Cooperation Council for the Arab States of the Gulf. The group, formerly the Gulf Cooperation Council, consists of six member states: Bahrain, Kuwait, Oman, Qatar, Saudi Arabia, and the United Arab Emirates. Weymouth, L. 2018. ‘Qatar to Saudi Arabia: Quit trying to overthrow our government’, Washington Post, 2 February,link (accessed 19 January 2018). Cooperation Council for the Arab States of the Gulf.
The crisis broke on 5 June and Sudan promptly formally declared its support of Kuwaiti mediation efforts (and offered to mediate itself, though it informally leans towards the Saudi side). Meanwhile, Somaliland backed the Saudi-led coalition on 10 June, Eritrea on 12 June and Djibouti on 14 June. Discussions regarding the Somali position are ongoing. Ethiopia has formally remained neutral. See Al Jazeera, 2018. ’Qatar's blockade in 2017, day by day developments’, 18 February, link (accessed 20 March 2018) and Horn Diplomat, 2017. ‘Somaliland Supports Saudi-led Coalitions cut ties to Qatar’, 10 June, link (accessed 19 January 2018). For local views from both sides see Al Jazeera. 2017. ‘Africa and the Gulf crisis: the peril of picking sides’, 15 June, link (accessed 21 July 2017); for an Ethiopian perspective, see: The Ethiopian Reporter, 2017. ‘The rift in the GCC and diplomatic responses from the IGAD region’, 1 July, link (accessed 19 January 2018).
Richard, R. 2015. War in Yemen: The African Dimension, London: Oxford Research Group.
Abdi, R. 2017. A Dangerous Gulf in the Horn: How the Inter-Arab Crisis Is Fueling Regional Tensions, Brussels: International Crisis Group; Shiferaw, L. 2016. ‘The role of Gulf states in peace and security and development in Sub-Saharan Africa’, Working Paper 16, Roma: Instituto Afari Internazionali; Maru, M. 2017. ‘The rift in the GCC and diplomatic responses from the IGAD region’, The Reporter, 1 July, link (accessed 19 January 2018).
In recent years, several military bases have been constructed or planned in the Horn of Africa. Examples include basesd by the United Arab Emirate in Berbera Port (Somaliland), Mogadishu (Somalia) and Assab (Eritrea); Turkey in Mogadishu (Somalia); China in Obock Port (Djibouti); Saudi Arabia in Djibouti (planned). For other developments, see Richard, op. cit.; Anyadike, O. 2017. Updated rough guide to foreign military bases in Africa’,Irin, 15 February, link (accessed 19 January 2018).
Roxburgh, C., et al. 2010. ‘Lions on the Move: The progress and potential of African Economies’, McKinsey Global Institute; McSparren, J., et al. 2014. ‘Qatar’s global investment strategy for diversification and security in the post-financial crisis era’, Centre on governance research paper series (No. 02/17/EN), Ottowa: University of Ottawa; McSparren, J., et al. 2015. ‘Contours of Qatar–Sub-Saharan Africa Relations: Shedding Light on Trends and Prospects’, in: Mapping GCC foreign policy resources, recipients and regional effects, ed. Young, K., and Khatib, L., London, London School of Economics and Political Science; The Economist Intelligence Unit. 2011. ‘GCC trade and investment flows: The emerging-market surge’, Economist Intelligence Unit Report, London: The Economist.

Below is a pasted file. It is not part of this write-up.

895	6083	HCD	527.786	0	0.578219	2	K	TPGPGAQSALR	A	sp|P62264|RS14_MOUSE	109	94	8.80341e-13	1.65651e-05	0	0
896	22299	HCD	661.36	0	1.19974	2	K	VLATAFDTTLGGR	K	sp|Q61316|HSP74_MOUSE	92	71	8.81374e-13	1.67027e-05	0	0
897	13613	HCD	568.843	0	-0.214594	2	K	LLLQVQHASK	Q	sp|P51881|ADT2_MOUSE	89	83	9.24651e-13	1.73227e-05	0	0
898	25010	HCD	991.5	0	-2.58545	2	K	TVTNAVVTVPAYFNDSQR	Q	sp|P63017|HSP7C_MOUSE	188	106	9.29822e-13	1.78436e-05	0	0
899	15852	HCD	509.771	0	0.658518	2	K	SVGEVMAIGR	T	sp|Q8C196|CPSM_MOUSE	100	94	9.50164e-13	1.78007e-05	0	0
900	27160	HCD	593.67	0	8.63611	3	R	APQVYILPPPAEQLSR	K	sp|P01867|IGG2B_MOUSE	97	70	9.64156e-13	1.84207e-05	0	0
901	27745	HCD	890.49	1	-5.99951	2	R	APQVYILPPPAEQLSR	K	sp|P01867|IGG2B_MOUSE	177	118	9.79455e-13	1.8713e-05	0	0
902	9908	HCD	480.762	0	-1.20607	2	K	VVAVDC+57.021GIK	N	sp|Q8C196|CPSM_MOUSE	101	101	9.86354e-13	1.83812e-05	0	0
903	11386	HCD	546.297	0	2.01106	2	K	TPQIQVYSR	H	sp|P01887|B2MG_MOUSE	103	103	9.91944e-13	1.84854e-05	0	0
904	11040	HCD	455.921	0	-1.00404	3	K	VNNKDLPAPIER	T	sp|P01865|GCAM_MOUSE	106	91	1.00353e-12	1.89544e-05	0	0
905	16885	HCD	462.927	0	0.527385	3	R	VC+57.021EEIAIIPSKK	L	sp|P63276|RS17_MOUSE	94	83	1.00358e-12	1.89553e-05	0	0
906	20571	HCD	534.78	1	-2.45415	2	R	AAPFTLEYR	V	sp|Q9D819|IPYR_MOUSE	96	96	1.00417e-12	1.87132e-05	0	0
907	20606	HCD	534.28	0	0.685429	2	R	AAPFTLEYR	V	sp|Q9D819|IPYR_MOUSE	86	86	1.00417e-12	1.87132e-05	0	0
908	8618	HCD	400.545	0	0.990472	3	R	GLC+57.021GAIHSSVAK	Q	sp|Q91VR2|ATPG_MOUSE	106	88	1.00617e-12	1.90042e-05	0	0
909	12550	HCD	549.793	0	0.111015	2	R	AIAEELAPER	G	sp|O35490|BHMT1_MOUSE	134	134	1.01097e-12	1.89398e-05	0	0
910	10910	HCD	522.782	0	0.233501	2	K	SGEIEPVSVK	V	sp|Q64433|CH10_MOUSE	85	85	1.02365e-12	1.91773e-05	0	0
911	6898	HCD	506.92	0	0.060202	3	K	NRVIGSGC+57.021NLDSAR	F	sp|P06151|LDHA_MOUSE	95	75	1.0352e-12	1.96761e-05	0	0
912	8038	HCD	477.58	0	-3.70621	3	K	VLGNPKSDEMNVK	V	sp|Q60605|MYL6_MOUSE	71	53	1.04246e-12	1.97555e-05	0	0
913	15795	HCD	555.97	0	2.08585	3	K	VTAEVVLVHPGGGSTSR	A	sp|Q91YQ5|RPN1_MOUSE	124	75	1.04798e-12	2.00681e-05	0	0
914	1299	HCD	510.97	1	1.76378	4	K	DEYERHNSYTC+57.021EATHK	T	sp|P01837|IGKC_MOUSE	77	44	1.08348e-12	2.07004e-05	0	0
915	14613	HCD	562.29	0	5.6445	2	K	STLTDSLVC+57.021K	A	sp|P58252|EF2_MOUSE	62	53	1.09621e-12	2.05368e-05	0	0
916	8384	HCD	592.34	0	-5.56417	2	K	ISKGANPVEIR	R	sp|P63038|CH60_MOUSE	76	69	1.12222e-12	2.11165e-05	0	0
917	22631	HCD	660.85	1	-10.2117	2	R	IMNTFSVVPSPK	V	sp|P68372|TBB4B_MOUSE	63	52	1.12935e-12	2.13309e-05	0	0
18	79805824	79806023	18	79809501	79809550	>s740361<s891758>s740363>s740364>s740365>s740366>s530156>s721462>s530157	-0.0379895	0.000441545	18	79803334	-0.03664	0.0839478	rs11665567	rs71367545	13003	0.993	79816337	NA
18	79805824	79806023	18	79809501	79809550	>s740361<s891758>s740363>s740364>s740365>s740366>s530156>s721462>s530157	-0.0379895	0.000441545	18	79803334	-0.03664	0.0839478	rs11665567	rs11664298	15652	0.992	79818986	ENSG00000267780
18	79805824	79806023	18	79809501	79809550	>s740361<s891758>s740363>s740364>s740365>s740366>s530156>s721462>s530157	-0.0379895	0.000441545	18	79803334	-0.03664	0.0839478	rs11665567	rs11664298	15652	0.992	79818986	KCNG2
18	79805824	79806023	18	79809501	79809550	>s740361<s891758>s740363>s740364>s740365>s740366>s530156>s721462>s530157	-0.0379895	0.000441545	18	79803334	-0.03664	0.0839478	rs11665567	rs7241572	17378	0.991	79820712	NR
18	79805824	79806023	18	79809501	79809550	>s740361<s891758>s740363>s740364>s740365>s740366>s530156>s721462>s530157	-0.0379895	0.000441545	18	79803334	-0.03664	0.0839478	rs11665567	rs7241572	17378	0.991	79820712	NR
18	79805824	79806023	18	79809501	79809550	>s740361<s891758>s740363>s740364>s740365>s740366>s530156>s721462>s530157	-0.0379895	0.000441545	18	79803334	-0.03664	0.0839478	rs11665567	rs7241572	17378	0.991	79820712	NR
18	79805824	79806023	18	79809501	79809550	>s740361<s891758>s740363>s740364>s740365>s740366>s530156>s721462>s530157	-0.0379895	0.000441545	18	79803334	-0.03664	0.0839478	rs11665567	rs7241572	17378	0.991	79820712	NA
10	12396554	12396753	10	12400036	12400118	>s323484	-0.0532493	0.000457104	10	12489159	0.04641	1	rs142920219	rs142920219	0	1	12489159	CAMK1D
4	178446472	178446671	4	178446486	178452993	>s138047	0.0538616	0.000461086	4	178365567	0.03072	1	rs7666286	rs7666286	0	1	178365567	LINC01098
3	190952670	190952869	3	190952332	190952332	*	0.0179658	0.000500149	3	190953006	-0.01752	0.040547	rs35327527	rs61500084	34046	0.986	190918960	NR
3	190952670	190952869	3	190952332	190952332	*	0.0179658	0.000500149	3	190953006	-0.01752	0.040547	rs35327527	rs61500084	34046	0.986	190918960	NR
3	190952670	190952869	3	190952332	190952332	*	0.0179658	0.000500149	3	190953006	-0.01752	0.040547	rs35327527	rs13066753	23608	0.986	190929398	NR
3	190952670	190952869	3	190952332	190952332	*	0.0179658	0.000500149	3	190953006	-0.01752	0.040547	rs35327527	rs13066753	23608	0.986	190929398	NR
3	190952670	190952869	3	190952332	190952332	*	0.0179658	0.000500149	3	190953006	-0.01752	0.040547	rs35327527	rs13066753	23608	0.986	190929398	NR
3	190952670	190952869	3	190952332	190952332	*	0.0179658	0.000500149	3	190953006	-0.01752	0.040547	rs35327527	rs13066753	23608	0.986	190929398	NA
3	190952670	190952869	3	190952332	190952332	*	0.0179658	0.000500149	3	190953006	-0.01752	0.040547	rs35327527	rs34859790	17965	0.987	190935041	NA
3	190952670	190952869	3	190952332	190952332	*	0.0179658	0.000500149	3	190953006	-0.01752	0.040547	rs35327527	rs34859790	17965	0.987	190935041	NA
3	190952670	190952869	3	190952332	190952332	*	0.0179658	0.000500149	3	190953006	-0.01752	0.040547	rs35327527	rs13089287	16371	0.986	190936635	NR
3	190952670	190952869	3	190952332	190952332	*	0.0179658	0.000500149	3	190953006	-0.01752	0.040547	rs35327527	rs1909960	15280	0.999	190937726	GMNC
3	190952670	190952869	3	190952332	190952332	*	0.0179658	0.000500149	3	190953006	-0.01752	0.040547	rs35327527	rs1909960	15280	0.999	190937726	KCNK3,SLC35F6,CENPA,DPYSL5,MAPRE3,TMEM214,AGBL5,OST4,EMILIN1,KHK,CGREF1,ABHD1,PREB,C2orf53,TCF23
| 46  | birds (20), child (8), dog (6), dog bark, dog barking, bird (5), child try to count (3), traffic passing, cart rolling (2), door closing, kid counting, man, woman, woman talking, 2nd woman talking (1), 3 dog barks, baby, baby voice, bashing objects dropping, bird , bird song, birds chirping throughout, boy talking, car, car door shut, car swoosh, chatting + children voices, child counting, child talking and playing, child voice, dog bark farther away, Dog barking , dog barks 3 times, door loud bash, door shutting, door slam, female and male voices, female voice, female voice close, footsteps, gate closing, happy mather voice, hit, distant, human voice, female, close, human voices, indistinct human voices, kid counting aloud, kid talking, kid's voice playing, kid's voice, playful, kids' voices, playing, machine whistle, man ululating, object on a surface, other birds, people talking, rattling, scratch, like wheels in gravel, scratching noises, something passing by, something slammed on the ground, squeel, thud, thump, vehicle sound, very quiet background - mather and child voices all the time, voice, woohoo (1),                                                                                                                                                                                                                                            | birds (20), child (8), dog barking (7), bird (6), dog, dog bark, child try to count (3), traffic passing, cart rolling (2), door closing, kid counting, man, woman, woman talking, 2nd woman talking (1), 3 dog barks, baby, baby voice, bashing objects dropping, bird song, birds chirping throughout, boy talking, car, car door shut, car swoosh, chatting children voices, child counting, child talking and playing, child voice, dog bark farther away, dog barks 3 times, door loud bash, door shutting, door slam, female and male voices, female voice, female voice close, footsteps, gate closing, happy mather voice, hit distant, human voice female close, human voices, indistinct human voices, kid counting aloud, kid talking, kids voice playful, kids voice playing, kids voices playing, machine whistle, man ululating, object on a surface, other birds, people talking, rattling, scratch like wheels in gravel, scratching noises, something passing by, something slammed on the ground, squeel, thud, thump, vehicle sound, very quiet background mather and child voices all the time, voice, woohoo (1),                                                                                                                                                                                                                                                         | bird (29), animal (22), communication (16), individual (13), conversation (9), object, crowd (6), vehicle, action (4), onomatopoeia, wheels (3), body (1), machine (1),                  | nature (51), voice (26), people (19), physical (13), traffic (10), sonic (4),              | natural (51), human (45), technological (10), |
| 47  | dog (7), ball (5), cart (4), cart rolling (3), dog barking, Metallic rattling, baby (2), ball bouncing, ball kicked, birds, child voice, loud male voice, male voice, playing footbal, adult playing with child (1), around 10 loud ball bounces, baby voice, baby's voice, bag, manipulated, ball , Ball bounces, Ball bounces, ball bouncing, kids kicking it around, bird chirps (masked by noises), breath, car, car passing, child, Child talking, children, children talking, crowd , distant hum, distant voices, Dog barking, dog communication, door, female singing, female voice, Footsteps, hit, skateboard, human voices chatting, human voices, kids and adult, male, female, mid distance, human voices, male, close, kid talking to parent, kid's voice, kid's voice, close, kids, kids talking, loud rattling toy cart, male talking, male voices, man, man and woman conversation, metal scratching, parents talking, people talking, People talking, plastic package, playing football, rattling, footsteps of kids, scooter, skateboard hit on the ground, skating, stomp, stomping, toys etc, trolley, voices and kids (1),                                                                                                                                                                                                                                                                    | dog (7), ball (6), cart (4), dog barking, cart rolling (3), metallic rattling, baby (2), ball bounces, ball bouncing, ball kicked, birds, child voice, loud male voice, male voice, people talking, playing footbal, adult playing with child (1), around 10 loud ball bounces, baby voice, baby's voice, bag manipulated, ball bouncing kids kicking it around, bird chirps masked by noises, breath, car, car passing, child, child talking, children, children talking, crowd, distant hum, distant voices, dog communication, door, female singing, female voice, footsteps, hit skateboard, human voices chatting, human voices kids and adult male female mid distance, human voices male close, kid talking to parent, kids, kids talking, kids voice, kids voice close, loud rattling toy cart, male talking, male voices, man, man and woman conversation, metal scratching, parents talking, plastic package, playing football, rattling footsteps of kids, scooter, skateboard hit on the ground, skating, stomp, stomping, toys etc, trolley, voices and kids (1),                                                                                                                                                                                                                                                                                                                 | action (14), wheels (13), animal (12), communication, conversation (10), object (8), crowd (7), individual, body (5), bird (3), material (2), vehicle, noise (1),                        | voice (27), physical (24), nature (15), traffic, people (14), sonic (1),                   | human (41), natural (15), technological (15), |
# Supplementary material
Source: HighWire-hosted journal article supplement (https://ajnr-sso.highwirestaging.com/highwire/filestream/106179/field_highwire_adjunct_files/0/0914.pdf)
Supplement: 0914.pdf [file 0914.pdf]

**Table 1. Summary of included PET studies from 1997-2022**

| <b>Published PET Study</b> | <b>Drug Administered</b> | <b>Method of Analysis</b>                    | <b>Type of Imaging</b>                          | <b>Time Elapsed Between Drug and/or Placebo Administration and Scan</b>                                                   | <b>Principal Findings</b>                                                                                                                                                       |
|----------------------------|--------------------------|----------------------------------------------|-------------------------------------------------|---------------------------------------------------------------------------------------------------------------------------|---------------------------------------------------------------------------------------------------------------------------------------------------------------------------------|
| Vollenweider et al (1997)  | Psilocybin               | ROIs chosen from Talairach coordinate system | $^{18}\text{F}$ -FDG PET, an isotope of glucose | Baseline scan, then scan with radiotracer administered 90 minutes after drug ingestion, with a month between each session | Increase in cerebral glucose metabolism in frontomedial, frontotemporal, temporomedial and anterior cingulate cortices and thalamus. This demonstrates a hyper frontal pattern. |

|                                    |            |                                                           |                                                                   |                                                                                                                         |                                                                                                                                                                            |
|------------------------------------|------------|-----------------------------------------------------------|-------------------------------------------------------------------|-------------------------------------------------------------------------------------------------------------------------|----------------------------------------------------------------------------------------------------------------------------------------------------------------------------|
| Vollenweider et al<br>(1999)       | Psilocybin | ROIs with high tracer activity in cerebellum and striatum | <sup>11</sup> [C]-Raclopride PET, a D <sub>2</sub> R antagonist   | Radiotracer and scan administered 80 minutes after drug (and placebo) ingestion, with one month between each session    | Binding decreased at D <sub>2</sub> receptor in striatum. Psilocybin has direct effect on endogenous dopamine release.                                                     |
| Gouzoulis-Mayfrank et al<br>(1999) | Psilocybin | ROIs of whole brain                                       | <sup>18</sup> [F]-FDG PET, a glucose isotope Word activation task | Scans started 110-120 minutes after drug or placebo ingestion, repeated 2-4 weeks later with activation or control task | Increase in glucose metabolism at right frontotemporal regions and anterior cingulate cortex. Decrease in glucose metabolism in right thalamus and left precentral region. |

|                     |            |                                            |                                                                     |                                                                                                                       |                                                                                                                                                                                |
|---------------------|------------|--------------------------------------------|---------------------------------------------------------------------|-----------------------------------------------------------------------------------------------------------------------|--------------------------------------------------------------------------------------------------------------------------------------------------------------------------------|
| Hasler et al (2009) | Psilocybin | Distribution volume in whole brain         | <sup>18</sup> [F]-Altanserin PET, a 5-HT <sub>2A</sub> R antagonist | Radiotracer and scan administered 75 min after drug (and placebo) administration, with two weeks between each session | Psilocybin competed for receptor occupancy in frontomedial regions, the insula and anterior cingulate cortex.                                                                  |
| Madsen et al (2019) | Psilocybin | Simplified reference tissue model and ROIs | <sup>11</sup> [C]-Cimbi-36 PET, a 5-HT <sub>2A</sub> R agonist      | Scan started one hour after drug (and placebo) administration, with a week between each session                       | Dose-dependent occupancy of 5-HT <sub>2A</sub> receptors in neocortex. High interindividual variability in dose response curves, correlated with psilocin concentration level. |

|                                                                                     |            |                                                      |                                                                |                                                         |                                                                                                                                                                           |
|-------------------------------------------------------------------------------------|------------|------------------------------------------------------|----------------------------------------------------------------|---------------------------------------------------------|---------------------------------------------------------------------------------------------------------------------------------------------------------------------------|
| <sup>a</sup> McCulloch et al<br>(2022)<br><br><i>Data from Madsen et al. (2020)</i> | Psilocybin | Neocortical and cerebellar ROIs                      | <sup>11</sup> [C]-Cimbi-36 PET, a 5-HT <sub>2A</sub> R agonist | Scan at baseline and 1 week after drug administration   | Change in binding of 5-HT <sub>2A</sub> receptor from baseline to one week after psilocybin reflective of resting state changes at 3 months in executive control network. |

See for instance: Gettleman, J. 2017. ‘Fueled by Bribes, Somalia’s Election Seen as Milestone of Corruption’, New York Times, 7 February, link (accessed 27 September 2017).
Examples of tensions over Gulf investments in agricultural land can be found in Middle East Business Intelligence, 2013. ‘GCC investors eye African farmland’, 23 June, link (accessed 27 September 2017); Hussein, W. 2016. ‘Will Saudi Agricultural Investments in Sudan leave Egypt high and dry?’, Al Monitor, 1 June,link (accessed 27 September 2017).
Clapham, C. 2017. The Horn of Africa. State Formation and Decay. London: Hurst.
Love, R. 2009. Economic Drivers of Conflict and Cooperation in the Horn of Africa: A Regional Perspective and Overview, London: Chatham House; Verhoeven, H. 2015. Water, Civilisation and Power in Sudan. The Political Economy of Military-Islamist State-Building, Cambridge: Cambridge University Press.
De Waal, A. 2015. The Real Politics of the Horn of Africa: Money, War and the Business of Power, Cambridge: Polity Press.
De Waal, A. 2016. ‘Africa’s $700 Billion Problem: Waiting to Happen’, Foreign Policy, 17 March link (accessed 19 January 2018).
While Turkish influence is substantially related to many of the dynamics discussed, it is left outside the scope of this report.
For instance, although Arabic is widely spoken in the Horn, it is not in Ethiopia, whereas in Djibouti French is the language of education and government, and in South Sudan the sole official language is English. Similarly, the proximity to the Arabian Peninsula has ensured that Islam has had a long and profound impact on the Horn of Africa. It would be a mistake, however, to label the region as Islamic. South Sudan has a larger Christian than Muslim population, while Ethiopia and Eritrea are split more evenly between the two religions. These differences influence the material relationships between each Gulf and Horn state. For example, the Saudi Arabia-based Islamic Development Bank runs projects in the predominantly Muslim countries Djibouti, Somalia and Sudan, but not in Eritrea, Ethiopia or South Sudan as they are not members of the Organisation of Islamic Cooperation.